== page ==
Following Google’s decision to stop using Adobe’s outdated Flash technology for video delivery on YouTube in favor of an HTML5-based video player, Facebook last week announced a similar move of its own.
“We recently switched to HTML5 from a Flash-based video player for all Facebook web video surfaces, including videos in News Feed, on Pages and in the Facebook embedded video player,” reads a post by Daniel Baulig on the company’s Code blog.
They will continue to use Flash for Facebook games. In addition to testability and development velocity, other benefits of an HTML5-based video player on Facebook include accessibility features in terms of screen readers and keyboard input.
“We can leverage the accessibility tools that HTML5 provides to make it easier for people with visual impairments to use our products,” reads the post.
Baulk says they didn’t drag their feet with the HTML5 player because they first had to ensure that video logs and view counts were captured correctly and that support for HTML5 video didn’t degrade user experience for users on older browsers.
“We noticed that a lot of the older browsers would simply perform worse using the HTML5 player than they had with the old Flash player,” he argued. “We saw more errors, longer loading times, and a generally worse experience.”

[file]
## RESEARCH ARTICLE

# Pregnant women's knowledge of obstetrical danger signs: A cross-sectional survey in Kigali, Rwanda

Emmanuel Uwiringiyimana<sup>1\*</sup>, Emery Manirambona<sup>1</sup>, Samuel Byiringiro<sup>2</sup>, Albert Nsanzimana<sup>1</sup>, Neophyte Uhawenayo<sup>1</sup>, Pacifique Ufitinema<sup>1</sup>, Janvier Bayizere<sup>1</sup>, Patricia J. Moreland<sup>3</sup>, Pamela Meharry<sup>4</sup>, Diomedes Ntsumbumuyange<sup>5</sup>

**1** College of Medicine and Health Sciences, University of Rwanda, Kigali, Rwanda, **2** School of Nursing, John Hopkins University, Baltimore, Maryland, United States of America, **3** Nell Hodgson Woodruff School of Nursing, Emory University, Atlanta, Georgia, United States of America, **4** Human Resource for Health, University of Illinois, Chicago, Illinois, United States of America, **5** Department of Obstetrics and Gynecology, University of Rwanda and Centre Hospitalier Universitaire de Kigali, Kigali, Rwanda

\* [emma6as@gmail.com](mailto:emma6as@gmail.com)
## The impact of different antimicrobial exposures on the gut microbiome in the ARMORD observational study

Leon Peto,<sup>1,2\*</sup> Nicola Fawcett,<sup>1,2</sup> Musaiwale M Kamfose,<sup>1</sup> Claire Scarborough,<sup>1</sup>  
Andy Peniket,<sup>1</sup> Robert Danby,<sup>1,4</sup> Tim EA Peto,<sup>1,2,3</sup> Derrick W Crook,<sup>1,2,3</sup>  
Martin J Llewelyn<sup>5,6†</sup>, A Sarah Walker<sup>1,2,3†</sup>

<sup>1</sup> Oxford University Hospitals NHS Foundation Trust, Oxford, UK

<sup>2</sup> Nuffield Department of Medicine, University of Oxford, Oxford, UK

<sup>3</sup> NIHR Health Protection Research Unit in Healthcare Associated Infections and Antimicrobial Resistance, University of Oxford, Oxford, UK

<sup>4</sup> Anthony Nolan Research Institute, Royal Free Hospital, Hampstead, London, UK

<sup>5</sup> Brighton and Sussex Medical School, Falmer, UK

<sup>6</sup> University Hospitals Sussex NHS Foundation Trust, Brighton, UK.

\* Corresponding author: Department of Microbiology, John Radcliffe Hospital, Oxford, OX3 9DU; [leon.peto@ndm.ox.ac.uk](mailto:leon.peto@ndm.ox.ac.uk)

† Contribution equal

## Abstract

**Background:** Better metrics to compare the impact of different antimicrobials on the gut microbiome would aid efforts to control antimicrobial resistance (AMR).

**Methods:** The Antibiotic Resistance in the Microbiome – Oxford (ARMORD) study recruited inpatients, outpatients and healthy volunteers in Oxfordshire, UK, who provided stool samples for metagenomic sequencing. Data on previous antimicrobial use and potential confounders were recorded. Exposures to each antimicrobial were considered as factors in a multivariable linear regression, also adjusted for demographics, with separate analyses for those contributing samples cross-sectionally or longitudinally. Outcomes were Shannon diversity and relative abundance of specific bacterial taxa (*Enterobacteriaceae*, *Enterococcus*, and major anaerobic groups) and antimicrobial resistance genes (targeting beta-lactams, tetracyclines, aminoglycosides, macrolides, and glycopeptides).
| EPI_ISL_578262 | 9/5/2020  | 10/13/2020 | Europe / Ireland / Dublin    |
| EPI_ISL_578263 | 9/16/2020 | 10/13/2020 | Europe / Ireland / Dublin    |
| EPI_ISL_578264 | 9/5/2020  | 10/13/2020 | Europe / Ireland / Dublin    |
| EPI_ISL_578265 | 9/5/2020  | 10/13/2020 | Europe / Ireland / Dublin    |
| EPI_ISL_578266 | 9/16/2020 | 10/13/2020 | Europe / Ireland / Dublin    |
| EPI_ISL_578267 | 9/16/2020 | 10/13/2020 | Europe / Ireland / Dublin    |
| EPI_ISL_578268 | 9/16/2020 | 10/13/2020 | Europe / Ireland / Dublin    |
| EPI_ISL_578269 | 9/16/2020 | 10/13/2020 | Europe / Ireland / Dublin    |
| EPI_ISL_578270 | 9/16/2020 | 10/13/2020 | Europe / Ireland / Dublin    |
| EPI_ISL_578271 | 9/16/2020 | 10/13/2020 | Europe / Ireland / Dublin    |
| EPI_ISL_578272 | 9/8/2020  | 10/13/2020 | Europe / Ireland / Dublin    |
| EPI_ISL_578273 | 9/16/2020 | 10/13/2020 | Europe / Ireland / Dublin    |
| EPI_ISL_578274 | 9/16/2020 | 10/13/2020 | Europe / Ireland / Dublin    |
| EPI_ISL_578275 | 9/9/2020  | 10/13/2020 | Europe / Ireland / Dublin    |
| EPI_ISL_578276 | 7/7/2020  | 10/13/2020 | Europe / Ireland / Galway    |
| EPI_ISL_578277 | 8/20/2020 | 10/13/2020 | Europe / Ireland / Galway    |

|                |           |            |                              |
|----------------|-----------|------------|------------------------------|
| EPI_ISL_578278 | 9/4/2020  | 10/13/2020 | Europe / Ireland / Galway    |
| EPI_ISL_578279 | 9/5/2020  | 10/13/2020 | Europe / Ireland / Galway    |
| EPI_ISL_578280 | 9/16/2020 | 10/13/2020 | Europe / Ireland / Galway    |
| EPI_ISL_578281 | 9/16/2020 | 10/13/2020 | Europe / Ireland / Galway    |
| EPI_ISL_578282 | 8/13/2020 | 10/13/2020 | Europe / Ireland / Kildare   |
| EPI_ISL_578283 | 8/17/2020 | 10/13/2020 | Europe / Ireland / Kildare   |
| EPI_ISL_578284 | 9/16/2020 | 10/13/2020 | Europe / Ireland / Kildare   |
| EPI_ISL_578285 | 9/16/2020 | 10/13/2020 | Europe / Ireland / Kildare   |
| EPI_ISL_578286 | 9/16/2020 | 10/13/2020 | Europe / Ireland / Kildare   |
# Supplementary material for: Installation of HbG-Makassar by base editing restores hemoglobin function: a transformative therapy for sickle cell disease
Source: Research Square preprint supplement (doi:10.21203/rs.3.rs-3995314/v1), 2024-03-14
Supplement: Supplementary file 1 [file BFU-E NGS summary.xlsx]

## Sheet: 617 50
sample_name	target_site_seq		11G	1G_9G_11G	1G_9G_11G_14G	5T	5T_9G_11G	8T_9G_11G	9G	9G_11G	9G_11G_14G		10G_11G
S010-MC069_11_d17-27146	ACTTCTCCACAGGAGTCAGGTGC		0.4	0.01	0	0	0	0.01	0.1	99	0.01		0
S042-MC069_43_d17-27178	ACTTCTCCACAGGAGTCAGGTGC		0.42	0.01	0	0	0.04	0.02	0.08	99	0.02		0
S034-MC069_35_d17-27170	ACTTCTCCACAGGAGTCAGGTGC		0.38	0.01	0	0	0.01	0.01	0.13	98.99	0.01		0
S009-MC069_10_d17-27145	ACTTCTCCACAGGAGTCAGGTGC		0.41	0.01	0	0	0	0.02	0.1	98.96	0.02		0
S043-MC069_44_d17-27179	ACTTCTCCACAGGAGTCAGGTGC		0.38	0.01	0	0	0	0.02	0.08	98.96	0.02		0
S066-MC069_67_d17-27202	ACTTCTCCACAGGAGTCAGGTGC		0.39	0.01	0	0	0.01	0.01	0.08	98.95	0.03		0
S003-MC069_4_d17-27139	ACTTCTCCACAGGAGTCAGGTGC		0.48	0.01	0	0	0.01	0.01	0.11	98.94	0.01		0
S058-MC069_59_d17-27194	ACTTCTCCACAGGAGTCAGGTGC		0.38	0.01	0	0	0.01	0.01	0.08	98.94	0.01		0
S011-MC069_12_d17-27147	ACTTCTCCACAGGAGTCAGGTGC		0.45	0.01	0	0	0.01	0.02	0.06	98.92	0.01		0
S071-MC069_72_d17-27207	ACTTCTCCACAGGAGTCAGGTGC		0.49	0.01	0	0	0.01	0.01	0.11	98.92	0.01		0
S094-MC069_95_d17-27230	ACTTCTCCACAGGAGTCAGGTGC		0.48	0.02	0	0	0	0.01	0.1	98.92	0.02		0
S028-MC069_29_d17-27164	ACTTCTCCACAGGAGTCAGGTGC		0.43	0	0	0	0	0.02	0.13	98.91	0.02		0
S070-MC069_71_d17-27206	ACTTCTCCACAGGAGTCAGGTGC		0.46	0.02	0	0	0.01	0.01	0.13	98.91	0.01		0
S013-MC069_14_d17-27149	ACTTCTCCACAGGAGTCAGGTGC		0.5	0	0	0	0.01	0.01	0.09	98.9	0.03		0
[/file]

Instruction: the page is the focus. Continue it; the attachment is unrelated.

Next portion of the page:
That’s why they ran HTML5 and a Flash-based video player in parallel while they ironed out bugs and waited until recently to ship the HTML5 player to all browsers by default, “with the exception of a small set of them.”
With the new HTML5 video player, videos on Facebook now start playing faster.
“People like, comment, and share more on videos after the switch, and users have been reporting fewer bugs,” according to Facebook. Best of all, users appear to be spending “more time with video because of it.”
Facebook’s lead security engineer recently called for the death of Flash, writing in a pair of tweets that Adobe should pick a date to end support for Flash and called for web browser makers to drop support the same day.
Flash technology has been destined for the technology graveyard ever since Steve Jobs put out his open letter titled ”Thoughts on Flash,” which can still be found on Apple’s website.
Citing Flash’s resource-intensive code prone to exploits and not optimized for mobile, Apple never supported Flash on iOS devices. In addition to YouTube and Facebook, Amazon stopped accepting Flash ads due security-related issues while BBC recently rolls out an HTML5 version of its iPlayer television service.